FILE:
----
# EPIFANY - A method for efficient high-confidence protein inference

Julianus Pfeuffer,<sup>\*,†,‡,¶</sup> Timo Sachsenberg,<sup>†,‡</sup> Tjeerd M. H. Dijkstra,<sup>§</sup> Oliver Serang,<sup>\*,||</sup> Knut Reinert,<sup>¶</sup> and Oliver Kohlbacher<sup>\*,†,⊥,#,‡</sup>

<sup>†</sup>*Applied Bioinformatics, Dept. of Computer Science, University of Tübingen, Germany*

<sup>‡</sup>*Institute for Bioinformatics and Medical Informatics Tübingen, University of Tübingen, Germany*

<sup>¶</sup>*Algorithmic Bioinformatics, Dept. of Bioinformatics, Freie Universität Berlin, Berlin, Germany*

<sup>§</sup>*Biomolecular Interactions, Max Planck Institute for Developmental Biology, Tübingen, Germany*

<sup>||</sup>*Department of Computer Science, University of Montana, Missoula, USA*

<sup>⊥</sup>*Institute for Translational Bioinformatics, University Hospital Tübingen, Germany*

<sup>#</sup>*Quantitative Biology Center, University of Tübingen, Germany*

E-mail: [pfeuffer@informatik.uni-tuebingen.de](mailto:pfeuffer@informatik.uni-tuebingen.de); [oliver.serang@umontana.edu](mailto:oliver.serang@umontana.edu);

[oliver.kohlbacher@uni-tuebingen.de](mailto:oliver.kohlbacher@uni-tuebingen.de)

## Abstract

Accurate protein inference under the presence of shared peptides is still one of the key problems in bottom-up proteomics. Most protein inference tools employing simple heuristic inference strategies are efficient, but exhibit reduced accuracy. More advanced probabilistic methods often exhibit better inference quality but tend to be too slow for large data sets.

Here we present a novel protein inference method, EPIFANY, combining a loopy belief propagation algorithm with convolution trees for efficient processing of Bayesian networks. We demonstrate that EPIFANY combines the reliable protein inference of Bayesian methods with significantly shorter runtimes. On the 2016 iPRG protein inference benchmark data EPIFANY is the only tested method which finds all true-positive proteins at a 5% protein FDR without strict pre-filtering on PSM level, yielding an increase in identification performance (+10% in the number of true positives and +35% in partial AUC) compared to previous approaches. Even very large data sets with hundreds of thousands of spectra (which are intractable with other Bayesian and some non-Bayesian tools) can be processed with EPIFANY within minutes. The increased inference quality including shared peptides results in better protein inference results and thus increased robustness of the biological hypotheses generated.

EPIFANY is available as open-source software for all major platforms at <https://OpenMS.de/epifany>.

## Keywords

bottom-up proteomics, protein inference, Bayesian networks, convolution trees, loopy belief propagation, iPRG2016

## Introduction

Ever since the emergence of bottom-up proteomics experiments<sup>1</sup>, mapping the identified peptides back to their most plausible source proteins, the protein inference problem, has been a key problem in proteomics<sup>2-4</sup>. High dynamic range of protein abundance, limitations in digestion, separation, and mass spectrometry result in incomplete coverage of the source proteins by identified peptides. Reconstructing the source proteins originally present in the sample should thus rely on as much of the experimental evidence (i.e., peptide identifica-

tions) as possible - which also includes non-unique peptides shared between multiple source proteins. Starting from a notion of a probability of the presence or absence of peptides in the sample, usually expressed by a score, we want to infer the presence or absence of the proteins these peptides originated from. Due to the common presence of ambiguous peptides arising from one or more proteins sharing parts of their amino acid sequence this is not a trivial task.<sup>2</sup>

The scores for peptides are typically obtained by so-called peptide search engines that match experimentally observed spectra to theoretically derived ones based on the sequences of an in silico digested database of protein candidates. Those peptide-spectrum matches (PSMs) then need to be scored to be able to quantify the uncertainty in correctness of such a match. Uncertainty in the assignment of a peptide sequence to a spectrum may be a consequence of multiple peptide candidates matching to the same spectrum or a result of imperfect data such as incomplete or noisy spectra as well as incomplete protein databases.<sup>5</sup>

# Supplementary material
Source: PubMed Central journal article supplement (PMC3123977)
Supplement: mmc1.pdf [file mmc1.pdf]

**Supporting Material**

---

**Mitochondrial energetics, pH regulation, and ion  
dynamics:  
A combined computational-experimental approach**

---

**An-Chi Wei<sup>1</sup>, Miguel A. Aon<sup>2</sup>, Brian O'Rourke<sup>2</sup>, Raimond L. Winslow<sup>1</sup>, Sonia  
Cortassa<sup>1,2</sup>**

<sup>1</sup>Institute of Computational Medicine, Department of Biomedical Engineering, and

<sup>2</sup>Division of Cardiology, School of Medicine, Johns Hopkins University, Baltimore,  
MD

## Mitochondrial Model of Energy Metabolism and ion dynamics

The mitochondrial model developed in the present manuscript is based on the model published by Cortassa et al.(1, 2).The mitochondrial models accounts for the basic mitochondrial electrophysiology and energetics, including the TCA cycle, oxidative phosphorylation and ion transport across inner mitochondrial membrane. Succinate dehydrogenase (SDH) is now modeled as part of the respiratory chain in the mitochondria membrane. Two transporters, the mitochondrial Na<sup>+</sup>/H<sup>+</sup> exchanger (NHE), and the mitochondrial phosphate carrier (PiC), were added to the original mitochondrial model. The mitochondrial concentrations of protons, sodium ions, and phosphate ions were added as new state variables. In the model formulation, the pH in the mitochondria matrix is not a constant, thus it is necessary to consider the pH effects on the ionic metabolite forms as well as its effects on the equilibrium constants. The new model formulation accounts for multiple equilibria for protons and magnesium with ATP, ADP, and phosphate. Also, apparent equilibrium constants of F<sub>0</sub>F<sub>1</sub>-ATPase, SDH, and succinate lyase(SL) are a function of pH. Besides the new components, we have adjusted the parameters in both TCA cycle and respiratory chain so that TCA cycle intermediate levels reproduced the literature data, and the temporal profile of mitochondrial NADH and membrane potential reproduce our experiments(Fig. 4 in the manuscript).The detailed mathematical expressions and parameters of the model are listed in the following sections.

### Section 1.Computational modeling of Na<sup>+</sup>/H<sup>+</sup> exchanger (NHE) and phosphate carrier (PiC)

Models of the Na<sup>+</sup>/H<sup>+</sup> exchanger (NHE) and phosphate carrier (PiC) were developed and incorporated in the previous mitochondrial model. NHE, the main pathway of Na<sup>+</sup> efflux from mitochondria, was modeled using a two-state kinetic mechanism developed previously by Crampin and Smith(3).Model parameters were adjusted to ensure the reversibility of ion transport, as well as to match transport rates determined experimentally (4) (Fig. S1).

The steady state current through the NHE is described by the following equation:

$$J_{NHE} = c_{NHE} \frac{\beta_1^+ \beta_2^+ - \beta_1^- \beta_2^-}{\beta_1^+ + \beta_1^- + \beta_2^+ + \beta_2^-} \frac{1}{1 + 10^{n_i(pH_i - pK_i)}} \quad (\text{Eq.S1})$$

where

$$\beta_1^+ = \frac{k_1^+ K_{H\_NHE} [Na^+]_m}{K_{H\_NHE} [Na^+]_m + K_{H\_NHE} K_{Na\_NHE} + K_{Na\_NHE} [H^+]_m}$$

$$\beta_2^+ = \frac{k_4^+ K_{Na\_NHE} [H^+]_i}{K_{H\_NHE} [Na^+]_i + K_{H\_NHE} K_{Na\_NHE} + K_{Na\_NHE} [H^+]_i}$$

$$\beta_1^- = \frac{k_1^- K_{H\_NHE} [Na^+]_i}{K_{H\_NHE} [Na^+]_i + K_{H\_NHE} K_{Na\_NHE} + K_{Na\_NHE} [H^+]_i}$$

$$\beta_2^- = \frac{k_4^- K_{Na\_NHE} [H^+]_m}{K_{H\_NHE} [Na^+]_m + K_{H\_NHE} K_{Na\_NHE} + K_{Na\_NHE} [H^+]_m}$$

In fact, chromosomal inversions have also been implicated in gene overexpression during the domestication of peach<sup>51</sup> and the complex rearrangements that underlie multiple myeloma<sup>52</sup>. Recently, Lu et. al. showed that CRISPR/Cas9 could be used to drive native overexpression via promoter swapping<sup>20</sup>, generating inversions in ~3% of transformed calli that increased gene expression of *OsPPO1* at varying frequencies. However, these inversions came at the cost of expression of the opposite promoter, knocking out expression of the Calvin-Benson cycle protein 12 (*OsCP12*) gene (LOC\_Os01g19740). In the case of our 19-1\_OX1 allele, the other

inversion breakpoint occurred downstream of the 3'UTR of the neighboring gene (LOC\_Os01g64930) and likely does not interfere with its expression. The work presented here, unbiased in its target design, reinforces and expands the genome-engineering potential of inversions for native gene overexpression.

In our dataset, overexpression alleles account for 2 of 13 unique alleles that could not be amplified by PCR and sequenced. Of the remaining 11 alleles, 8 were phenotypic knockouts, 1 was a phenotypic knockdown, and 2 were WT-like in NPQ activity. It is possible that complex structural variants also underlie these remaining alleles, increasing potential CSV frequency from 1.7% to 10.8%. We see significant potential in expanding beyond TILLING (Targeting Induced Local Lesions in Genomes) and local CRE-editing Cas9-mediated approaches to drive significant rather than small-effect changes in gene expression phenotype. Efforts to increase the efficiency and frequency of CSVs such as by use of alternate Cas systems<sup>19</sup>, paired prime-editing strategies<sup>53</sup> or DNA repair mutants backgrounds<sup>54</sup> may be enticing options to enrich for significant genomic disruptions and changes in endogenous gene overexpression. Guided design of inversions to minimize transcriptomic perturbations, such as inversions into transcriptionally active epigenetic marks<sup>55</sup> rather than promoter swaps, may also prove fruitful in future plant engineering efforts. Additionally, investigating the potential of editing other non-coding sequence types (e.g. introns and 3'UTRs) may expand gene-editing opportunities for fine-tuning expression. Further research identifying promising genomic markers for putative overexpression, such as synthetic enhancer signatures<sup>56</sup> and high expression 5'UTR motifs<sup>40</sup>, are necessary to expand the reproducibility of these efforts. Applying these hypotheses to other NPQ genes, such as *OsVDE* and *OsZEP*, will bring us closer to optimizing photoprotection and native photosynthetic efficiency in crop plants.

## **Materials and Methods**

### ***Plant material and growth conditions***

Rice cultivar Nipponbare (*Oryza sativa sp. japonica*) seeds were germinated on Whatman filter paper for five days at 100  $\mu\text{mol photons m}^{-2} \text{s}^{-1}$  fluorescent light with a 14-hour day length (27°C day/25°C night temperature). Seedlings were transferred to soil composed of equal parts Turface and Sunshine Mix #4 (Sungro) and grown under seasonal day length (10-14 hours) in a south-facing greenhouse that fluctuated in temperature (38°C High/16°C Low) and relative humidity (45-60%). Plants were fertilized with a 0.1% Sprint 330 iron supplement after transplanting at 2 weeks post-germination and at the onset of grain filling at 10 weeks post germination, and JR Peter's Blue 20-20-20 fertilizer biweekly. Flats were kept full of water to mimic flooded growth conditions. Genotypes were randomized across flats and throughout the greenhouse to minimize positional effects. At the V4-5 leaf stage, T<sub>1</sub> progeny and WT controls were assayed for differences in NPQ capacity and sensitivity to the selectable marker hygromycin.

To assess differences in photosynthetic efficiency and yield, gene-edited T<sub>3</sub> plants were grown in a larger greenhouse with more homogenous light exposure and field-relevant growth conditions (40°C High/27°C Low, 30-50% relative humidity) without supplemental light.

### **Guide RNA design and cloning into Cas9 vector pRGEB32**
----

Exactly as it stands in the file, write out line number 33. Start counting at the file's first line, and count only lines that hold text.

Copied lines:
<sup>1</sup>Institute of Computational Medicine, Department of Biomedical Engineering, and